R5929-221 At Peace Amongst Yourselves

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::R5929 : page 221::


WE HAVE all heard the proverb, “Diamond cut Diamond.” All jewels are very hard as well as very pure. This hardness enhances their value. The Lord’s people are all jewels—not only are they purified by the Lord’s grace, but they have crystallized characters. This being true, as we have previously pointed out, there is more danger of cutting and scratching when they are together than there would be with materials less hard. Putty and clay do no cutting—neither do characters of putty-like quality.

Remembering this, the Lord’s people should be very sympathetic with each other and very appreciative of each other. We learn to appreciate, as the Lord does, positiveness of character, strength of character, fixity of purpose, even though at times these qualities of character may cause some trouble. No wonder then that Berean Bible Classes have their difficulties sometimes, as well as do worldly organizations!


Nevertheless, the Lord’s people are to remember the special injunction of their Master that they should be peace-makers and not strife-breeders. It requires no great skill to stir up trouble. It requires considerable of meekness, gentleness, patience, and the other qualities of the Holy Spirit amongst the Lord’s people to prevent strife, even with only the best of intentions prevailing. How much we all need to be on guard lest the Adversary tempt us, mislead us from the paths of peace!

It requires considerable experience and the wisdom that cometh from Above to enable us to judge rightly whether a matter of difference between others and ourselves is a question of principle, where some fundamental truth is at stake, or whether it is merely a question of opinion and preference without principle being involved. In the latter case, we should be willing to submit to practically anything for the sake of peace, whereas we could not do so where principles would be involved. However, the delusion is often presented to us that our preferences are always backed up by principles of truth and righteousness. We must learn from experience that this is a mistake, and must critically examine every such suggestion, asking the Lord’s wisdom to enable us to see the difference between that which is merely our preference and those questions which involve principles and teachings of Divine origin.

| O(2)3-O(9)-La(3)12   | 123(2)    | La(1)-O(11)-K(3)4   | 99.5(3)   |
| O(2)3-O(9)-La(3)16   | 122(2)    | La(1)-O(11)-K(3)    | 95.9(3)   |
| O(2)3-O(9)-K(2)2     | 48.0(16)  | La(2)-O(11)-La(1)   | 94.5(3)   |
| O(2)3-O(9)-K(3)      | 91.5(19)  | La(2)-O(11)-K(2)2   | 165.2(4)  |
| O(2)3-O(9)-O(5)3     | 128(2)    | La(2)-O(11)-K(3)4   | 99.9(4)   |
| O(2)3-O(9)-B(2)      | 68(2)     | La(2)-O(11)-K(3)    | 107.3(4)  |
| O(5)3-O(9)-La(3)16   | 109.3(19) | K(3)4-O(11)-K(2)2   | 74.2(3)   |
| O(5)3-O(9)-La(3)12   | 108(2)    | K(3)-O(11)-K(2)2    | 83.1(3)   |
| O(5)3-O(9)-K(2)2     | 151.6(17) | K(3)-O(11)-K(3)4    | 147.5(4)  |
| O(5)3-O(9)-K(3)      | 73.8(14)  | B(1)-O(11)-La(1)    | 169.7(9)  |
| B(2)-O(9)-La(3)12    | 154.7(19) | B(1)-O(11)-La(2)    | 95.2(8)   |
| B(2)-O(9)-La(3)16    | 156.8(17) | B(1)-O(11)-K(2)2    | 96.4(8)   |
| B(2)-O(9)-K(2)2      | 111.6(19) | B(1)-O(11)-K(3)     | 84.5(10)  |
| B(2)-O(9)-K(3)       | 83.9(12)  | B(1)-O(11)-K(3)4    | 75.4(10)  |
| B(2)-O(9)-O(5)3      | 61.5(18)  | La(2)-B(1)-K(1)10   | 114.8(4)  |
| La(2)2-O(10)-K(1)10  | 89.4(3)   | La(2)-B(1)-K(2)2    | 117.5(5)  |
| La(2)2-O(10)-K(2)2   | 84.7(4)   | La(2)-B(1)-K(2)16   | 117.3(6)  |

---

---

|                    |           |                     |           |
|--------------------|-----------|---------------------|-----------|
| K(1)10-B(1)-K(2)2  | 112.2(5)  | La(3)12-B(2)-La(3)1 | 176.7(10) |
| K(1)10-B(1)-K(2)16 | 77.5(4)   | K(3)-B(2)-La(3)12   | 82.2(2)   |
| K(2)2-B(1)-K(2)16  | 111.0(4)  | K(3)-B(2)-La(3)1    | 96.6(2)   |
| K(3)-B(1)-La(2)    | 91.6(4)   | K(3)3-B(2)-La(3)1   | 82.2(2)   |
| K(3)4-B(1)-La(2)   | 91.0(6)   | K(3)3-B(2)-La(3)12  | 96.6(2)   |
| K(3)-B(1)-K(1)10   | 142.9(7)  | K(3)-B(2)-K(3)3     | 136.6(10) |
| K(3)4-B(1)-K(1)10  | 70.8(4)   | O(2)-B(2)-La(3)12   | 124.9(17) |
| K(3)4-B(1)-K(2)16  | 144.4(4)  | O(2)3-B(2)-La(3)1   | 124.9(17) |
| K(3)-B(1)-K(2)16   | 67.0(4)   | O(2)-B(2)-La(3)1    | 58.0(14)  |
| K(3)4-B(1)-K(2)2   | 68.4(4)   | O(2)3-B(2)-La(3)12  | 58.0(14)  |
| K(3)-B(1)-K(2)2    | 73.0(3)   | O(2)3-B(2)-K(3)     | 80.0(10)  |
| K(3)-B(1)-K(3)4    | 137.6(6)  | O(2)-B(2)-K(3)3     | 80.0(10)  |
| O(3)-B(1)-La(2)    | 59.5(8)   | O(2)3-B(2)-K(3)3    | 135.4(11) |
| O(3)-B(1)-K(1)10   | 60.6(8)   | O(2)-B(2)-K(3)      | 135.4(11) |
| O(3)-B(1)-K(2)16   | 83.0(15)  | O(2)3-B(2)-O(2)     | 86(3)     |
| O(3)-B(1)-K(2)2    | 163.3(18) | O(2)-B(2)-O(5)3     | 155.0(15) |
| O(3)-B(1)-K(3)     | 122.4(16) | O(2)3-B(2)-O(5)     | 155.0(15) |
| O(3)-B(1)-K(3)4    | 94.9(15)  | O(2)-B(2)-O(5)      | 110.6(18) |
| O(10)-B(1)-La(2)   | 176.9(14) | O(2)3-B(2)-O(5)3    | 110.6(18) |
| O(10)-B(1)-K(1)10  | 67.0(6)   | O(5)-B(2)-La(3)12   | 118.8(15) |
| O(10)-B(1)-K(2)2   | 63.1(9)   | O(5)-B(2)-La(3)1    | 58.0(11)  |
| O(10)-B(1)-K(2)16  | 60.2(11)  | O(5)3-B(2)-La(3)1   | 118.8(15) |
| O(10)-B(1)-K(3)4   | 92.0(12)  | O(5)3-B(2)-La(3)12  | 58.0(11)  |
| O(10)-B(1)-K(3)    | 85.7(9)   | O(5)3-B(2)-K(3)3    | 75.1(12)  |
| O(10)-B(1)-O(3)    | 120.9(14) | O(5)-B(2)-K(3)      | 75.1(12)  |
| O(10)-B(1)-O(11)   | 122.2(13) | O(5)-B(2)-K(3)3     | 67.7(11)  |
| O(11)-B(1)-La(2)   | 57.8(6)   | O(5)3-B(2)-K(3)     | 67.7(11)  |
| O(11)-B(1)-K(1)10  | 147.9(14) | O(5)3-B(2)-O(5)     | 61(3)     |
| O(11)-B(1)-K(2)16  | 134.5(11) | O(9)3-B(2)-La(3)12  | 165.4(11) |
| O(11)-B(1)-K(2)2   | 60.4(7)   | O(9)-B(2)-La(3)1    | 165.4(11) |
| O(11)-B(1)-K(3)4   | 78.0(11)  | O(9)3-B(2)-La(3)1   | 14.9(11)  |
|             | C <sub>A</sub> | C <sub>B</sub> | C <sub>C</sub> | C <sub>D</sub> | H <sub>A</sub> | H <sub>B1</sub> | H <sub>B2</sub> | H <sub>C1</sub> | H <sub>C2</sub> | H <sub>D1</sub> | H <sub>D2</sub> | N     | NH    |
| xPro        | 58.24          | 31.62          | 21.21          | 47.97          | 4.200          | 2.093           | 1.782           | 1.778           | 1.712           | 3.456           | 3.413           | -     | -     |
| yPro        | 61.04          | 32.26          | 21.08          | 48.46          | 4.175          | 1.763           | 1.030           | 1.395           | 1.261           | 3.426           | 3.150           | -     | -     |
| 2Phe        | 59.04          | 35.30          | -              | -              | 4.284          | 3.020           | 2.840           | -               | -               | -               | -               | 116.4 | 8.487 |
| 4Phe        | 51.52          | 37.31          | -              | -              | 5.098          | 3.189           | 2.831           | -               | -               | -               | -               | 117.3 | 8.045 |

For instance, in a Class there are often brethren or sisters who critically insist on a matter being done in a certain way, because that had been the previous custom or because they believe it to be the better way. They are ready to precipitate a quarrel unless their preference is followed. The wiser course is to waive our preference in favor of the preferences of others, if they are insistent, provided the right result is reached—namely, provided the will of the Class is really attained; for the will of the Class is to be taken as the will of the Lord—or if not that, the Lord will overrule the matter and bring a lesson to us out of it for the Class.

Each and every member of a Class should earnestly strive to promote in a Class fruits of the Holy Spirit—meekness, gentleness, patience, brotherly-kindness, love, joy, peace. This promoting is to be done by remembering these qualities and exercising them ourselves, thus setting an example to others and showing forth the influence of the Holy Spirit operating in our own hearts and lives.


Too often the mistake is made of thinking that the whole weight of responsibility rests upon us—forgetting that our responsibility ends when we have exercised our judgment and have acted upon it.

Lack of faith in the Lord is closely associated with the error of bringing strife into a Class on some technical grounds. We should remember the Lord’s interest in the Class and in all of His people, and that He is able and willing to overrule our experiences for good—likewise the experiences of others. If, therefore, matters are not going exactly to our pleasement in the Class, it will be better for us, and often for all, that we take the matter to the Lord in prayer, rather than that we should be continually nagging or fault-finding with that which is or which appears to be, satisfactory to the others, or at least to the majority of the Class.


— July 15, 1916 —